It took only a minute to get down the ladder into Shadow’s stall where a broom tail jiggled up and down above absurdly long baby legs and small rounded haunches. Shadow’s small daughter breakfasted. Callie squatted on his heels near-by watching the process benignly. "Ain’t she ’bout th’ best-favored filly you ever saw?" he asked. "How come all your hosses is grays? Shiloh her pa?"

"Only you plan to go out an’ spit in th’ shadow’s eye?" "Guess so." "Then there’ll be two of us. Providin’ Rennie can use him ’nother hand. You know, this might be interestin’. ’Member what they used to say in the army? Don’t go borrowin’ trouble nor try to cross a river till you git th’ water lappin’ at your boots." "Times is gittin’ better."

Cover one hand with a white and the other with a black piece of cloth, and hold both for a short time in the direct rays of the sun. Stand a book or a block of wood by the side of an empty pan in the sunlight, so that the end of the shadow falls on the bottom of the pan. Mark the place where the shadow terminates and fill the pan with water. Account for the shadow’s becoming shorter.

"But I’m not sellin’." Drew folded the piece of paper he had been waving to dry the ink and put it back in the belt pocket. "What’s that?" He could almost believe he heard an army bugle, but the call it sounded was unlike any cavalry signal he had known. Callie was already on his way to the door. "Wagon train’s comin’!" he cried as he ran out. Drew lingered by Shadow’s box.

His name?” cried the King, Prince Radiance and the Princess, in one voice. “His name?” cried Creeping Shadow beseechingly. “Sire, it is your nephew, Prince Ember,” declared the Wise One. “He it is who is fated to set her free.” From all those who had waited in breathless suspense for his answer, there burst a murmur of intense relief. Creeping Shadow’s heart beat quick with joy.

Topham spoke from where he was leaning against the wall of Shadow’s box stall. "Johnny was throwing his weight around again last night. Had a set-to in the Jacks with a trooper. Unless the kid quits trying to fight the war over again every time he sees an army blouseor until he stops pouring whisky down him every time he hits townthere may be shooting trouble.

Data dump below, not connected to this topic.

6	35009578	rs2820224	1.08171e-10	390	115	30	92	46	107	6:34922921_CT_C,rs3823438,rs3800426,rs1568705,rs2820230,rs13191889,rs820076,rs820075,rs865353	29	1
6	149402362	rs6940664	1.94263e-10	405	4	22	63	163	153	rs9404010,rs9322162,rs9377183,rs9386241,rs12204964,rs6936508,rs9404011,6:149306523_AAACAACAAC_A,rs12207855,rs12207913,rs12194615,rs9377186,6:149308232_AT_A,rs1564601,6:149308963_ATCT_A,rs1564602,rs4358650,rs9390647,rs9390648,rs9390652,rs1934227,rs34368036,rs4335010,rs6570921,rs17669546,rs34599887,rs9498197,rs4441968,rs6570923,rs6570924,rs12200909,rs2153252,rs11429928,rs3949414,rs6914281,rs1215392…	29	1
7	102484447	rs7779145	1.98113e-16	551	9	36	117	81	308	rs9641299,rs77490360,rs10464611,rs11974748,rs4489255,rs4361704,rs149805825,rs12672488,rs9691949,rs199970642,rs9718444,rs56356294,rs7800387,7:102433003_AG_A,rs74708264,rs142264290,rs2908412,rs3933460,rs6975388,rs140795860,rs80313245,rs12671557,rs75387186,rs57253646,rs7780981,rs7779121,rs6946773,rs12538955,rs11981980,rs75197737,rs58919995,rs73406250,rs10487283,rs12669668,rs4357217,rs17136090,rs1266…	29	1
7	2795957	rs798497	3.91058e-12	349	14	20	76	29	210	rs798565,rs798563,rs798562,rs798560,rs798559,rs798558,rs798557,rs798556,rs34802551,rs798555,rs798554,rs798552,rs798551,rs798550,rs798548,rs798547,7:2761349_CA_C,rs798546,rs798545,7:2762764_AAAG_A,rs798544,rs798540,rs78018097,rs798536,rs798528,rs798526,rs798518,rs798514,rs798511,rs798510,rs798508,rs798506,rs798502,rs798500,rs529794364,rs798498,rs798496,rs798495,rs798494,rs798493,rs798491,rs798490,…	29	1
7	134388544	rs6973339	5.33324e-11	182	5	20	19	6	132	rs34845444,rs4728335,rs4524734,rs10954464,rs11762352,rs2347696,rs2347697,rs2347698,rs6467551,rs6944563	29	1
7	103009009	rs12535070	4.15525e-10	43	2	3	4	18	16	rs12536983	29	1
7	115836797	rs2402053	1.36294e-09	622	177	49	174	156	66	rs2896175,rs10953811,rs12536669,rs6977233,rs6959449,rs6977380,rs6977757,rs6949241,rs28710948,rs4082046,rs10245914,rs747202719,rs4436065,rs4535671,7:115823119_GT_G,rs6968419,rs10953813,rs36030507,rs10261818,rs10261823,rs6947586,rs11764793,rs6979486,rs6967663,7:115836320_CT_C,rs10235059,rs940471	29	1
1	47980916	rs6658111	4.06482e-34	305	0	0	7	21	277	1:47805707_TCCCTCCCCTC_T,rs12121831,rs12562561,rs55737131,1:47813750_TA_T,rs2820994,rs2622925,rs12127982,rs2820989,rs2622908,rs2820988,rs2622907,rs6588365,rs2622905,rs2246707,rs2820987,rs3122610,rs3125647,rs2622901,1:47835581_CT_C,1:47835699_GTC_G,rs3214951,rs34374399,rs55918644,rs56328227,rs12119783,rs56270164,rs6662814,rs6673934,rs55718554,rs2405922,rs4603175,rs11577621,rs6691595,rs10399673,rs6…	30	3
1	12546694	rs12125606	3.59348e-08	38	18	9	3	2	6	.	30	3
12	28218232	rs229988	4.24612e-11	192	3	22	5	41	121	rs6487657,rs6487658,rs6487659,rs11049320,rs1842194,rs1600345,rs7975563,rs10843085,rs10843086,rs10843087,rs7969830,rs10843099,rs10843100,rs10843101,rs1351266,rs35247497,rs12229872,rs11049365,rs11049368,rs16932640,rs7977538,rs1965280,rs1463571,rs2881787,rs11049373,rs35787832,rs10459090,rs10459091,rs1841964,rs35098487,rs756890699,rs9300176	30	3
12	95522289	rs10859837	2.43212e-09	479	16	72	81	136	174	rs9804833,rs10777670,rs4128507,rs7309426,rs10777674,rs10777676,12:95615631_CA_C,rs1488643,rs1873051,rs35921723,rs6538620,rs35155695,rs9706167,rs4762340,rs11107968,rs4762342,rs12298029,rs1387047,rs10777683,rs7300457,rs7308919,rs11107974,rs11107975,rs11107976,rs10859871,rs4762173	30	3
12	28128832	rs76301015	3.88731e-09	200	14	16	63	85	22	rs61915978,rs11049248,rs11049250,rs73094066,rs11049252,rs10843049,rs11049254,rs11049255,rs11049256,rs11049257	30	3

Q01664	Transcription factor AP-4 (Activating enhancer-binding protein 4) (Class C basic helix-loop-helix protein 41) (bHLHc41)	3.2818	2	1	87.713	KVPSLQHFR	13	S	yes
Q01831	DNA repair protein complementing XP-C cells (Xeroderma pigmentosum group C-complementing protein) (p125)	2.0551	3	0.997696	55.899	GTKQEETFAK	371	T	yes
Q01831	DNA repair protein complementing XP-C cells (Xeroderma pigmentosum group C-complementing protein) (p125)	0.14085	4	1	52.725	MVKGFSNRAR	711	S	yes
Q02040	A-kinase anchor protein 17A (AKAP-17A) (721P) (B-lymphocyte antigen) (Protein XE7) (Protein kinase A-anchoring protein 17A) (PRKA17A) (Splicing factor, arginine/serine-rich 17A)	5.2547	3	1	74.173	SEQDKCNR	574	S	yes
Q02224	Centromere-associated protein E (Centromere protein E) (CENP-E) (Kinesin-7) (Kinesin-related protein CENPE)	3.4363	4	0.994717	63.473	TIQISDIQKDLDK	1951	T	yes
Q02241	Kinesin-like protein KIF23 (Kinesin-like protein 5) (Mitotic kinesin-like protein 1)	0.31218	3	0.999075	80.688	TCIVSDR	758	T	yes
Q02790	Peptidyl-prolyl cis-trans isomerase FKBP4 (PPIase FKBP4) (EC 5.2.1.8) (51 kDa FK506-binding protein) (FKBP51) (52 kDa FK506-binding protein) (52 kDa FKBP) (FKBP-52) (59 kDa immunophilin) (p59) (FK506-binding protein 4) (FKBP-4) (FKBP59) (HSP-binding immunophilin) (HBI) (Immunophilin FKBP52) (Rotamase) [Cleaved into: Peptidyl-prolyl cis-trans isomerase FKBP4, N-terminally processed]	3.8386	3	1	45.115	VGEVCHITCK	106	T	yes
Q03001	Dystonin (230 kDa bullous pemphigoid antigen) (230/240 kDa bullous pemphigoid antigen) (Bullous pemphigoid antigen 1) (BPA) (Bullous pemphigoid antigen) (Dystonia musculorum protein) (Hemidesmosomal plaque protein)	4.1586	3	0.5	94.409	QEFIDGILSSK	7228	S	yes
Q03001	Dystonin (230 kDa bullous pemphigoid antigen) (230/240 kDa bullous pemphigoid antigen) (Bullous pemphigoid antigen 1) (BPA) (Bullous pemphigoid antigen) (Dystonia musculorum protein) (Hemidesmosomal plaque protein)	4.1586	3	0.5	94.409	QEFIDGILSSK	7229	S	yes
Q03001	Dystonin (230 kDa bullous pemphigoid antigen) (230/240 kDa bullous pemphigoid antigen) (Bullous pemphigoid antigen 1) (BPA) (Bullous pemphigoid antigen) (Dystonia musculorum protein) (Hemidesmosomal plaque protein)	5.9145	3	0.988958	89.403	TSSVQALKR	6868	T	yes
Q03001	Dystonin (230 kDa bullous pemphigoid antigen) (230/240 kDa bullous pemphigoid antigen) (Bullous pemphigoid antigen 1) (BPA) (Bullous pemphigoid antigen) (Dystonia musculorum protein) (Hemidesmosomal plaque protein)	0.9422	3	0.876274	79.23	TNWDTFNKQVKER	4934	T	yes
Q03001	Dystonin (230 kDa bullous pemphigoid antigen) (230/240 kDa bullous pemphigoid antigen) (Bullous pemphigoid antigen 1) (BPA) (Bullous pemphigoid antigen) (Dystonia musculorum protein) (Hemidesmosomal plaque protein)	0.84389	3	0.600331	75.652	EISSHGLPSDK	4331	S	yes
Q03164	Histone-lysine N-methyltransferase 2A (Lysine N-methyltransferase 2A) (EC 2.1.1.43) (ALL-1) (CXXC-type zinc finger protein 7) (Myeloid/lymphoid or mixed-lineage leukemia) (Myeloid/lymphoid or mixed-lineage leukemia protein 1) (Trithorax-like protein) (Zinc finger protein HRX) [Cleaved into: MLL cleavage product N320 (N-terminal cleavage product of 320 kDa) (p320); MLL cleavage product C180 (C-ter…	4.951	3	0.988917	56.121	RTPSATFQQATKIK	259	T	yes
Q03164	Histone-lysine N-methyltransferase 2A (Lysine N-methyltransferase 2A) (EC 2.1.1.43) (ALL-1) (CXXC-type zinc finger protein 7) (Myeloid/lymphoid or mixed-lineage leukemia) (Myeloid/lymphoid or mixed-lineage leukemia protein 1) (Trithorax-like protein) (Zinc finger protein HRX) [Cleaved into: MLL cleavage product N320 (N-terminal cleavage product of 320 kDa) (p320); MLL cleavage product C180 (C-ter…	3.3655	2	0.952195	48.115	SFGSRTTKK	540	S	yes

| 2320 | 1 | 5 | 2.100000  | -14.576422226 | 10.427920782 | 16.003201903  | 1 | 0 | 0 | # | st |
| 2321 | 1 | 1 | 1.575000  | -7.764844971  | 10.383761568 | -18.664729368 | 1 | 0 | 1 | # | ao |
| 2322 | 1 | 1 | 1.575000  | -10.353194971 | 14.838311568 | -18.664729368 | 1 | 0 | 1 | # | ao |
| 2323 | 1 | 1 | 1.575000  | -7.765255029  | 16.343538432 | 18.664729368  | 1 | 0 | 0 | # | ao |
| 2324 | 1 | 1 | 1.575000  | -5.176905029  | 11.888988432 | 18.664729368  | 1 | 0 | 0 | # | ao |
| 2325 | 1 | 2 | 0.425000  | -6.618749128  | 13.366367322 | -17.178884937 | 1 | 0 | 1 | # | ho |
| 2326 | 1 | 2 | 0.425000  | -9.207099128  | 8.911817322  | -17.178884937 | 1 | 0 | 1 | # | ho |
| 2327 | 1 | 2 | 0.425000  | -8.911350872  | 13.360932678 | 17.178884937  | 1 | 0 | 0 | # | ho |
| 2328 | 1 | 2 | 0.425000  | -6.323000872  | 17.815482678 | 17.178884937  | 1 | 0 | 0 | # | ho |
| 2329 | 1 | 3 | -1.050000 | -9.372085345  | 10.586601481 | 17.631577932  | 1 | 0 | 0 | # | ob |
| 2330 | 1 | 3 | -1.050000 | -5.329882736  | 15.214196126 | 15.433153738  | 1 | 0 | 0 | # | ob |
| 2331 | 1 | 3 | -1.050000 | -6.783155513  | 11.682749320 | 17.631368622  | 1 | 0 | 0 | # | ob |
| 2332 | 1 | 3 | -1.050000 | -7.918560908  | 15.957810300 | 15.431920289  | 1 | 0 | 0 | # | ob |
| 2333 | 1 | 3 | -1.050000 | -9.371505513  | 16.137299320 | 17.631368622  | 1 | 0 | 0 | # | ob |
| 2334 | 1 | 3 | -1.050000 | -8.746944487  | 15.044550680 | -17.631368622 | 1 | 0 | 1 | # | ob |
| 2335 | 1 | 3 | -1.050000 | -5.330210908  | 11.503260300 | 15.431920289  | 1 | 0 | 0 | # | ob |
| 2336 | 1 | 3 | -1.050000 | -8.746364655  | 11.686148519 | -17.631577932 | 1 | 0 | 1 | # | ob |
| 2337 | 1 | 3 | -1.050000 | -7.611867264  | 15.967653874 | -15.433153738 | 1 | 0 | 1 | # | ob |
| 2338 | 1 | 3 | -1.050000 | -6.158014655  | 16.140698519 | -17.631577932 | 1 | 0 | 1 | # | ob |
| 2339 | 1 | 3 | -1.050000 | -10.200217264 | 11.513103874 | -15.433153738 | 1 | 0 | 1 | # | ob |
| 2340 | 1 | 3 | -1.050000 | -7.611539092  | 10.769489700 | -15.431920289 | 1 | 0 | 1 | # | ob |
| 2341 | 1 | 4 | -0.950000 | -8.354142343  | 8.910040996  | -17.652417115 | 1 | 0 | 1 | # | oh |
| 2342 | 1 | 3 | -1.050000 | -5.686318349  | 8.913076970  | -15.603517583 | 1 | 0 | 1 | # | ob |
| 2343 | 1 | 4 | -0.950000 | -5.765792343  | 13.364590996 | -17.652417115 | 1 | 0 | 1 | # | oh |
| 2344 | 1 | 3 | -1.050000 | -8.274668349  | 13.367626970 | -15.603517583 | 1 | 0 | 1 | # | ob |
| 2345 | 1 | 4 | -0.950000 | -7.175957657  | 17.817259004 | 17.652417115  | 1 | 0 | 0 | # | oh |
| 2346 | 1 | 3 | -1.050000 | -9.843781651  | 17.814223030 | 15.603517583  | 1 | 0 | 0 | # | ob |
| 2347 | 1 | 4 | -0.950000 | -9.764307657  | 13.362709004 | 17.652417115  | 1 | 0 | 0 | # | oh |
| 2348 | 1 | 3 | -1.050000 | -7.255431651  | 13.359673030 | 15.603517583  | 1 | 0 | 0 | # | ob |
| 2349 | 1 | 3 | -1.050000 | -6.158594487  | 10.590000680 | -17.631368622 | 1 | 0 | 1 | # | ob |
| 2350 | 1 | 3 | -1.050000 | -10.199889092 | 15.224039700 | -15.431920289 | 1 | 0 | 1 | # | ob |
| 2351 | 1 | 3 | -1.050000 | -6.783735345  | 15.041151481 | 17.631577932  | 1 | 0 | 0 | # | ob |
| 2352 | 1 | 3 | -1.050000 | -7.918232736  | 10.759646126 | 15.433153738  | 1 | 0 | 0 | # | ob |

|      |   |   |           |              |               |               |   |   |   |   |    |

Princess White Flame laid a consoling hand upon Creeping Shadow’s shoulder. “Wait but a moment,” she told her. “The Wise One has great knowledge, great wisdom. No magic is hid from him. Somewhere there must be one who can bring succor to your mistress. The Wise One will know of him, and can tell us where he may be found.”

Kells had been as good as his promise, Drew noted. Mother and child had had expert attention, and Shadow’s coat had been groomed to a glossy silk; her black mane and tail were rippling satin ribbons. "Gonna take ’em back to th’ Range with you, Mister Kirby?" Callie came down from the loft. "Yes. I’ll need a cart and driver though. We’ll have to give the foal a lift. Know anyone for hire, Callie?"

"You look like you came up behind a mule an’ the critter did a mite of dancin’ backwards! You come ’long, too," he extended the invitation to include Anse. His face patched up after a fashion, Drew lay full length on the hay in his old place over Shadow’s stall back at Kells’ stable. Anse sat crosslegged beside him, the bruise now a black shadow on his jaw.

"Mister Kells, he keeps ledgers over in th’ tack room. Got some ink an’ a pen there. How come you need that? You ain’t makin’ out no bill of sale on her already, are you?" Callie was shocked. "Hardly. Just want to put her down right and proper on the tally sheet." The boy followed to watch Drew make the record on the margin of Shadow’s papers.